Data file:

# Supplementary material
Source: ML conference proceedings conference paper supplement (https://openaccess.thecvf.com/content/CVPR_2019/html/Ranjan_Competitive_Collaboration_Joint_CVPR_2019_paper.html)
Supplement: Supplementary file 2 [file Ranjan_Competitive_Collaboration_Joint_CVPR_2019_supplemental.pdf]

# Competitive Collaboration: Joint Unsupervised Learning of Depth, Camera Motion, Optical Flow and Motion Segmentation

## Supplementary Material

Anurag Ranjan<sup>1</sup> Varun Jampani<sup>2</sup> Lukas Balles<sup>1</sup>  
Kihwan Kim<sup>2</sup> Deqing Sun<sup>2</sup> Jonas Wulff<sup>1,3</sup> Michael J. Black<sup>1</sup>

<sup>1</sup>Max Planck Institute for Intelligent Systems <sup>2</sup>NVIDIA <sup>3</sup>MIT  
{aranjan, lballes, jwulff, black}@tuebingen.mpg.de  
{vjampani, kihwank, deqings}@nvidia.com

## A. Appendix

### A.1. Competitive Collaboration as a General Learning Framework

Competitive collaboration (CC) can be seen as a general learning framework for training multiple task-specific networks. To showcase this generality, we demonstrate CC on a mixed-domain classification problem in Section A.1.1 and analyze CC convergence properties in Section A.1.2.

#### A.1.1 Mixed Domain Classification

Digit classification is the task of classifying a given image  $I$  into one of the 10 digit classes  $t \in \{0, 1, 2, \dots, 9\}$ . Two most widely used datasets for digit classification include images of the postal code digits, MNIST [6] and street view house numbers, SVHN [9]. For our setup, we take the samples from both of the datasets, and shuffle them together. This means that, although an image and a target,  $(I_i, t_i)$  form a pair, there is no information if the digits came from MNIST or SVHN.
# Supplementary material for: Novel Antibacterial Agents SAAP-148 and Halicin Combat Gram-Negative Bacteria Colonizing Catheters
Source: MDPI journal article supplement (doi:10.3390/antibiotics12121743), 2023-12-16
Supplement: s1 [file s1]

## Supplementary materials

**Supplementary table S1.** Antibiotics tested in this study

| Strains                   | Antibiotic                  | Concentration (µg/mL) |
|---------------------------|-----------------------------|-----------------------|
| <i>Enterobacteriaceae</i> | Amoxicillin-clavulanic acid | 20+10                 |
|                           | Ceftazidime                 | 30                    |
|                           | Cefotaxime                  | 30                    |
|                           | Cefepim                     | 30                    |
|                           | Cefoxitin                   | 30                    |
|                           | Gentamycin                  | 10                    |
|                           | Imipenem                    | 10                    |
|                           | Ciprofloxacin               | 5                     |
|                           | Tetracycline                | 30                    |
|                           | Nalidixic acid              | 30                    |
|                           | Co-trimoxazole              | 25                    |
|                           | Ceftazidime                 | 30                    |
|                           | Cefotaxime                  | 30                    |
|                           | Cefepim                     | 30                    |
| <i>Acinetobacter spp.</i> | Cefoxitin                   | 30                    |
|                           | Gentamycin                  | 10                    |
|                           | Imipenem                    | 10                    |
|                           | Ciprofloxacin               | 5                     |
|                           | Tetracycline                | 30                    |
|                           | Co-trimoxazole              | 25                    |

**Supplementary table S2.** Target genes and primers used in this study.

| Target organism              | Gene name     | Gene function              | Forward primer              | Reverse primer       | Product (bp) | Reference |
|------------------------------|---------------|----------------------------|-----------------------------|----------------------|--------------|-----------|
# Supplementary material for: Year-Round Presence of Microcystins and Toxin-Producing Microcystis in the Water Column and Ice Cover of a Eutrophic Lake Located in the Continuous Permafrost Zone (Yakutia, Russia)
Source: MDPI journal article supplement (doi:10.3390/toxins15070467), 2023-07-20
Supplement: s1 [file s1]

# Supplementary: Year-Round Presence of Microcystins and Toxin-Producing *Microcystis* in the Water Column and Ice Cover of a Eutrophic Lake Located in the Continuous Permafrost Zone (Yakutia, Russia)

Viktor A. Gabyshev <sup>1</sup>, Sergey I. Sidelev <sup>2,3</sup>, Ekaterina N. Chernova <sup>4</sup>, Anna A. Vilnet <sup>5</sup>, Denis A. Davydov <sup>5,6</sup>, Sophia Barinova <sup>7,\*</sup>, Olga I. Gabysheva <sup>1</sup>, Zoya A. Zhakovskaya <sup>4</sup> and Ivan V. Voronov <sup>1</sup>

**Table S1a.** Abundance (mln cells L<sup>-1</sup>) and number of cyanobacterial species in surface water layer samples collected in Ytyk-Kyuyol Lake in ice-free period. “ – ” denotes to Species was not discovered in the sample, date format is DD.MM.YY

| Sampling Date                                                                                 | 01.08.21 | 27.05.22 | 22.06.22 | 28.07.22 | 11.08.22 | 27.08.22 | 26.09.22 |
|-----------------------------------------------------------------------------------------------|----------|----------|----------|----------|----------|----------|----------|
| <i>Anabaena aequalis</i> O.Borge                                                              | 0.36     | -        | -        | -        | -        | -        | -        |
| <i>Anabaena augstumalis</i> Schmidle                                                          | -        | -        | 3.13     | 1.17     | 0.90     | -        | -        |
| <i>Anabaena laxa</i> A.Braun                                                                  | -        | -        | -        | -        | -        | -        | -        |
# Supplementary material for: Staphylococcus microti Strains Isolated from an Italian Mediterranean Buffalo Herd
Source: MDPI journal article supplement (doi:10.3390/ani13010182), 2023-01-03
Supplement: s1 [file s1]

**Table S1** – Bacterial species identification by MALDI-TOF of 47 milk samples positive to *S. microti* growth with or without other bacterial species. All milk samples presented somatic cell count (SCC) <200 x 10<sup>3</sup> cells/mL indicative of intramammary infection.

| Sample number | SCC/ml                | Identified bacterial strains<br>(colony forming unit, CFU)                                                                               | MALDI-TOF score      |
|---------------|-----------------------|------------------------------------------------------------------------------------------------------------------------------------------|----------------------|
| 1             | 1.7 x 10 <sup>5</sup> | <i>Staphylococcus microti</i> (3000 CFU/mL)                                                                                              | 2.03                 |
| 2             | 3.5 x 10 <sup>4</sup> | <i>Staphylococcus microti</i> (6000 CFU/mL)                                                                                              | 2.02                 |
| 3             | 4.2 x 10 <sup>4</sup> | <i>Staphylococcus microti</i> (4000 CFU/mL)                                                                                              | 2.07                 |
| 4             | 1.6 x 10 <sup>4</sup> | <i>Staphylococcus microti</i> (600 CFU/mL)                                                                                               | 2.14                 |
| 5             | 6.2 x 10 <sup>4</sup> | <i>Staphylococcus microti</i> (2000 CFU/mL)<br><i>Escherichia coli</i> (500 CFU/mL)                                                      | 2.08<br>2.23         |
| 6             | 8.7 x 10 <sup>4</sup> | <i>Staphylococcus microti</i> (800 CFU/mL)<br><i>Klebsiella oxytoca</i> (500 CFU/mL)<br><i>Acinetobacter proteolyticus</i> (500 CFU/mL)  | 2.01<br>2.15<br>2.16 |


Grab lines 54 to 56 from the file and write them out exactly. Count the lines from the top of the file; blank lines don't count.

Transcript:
| <i>Anabaena aequalis</i> O.Borge                                                              | 0.36     | -        | -        | -        | -        | -        | -        |
| <i>Anabaena augstumalis</i> Schmidle                                                          | -        | -        | 3.13     | 1.17     | 0.90     | -        | -        |
| <i>Anabaena laxa</i> A.Braun                                                                  | -        | -        | -        | -        | -        | -        | -        |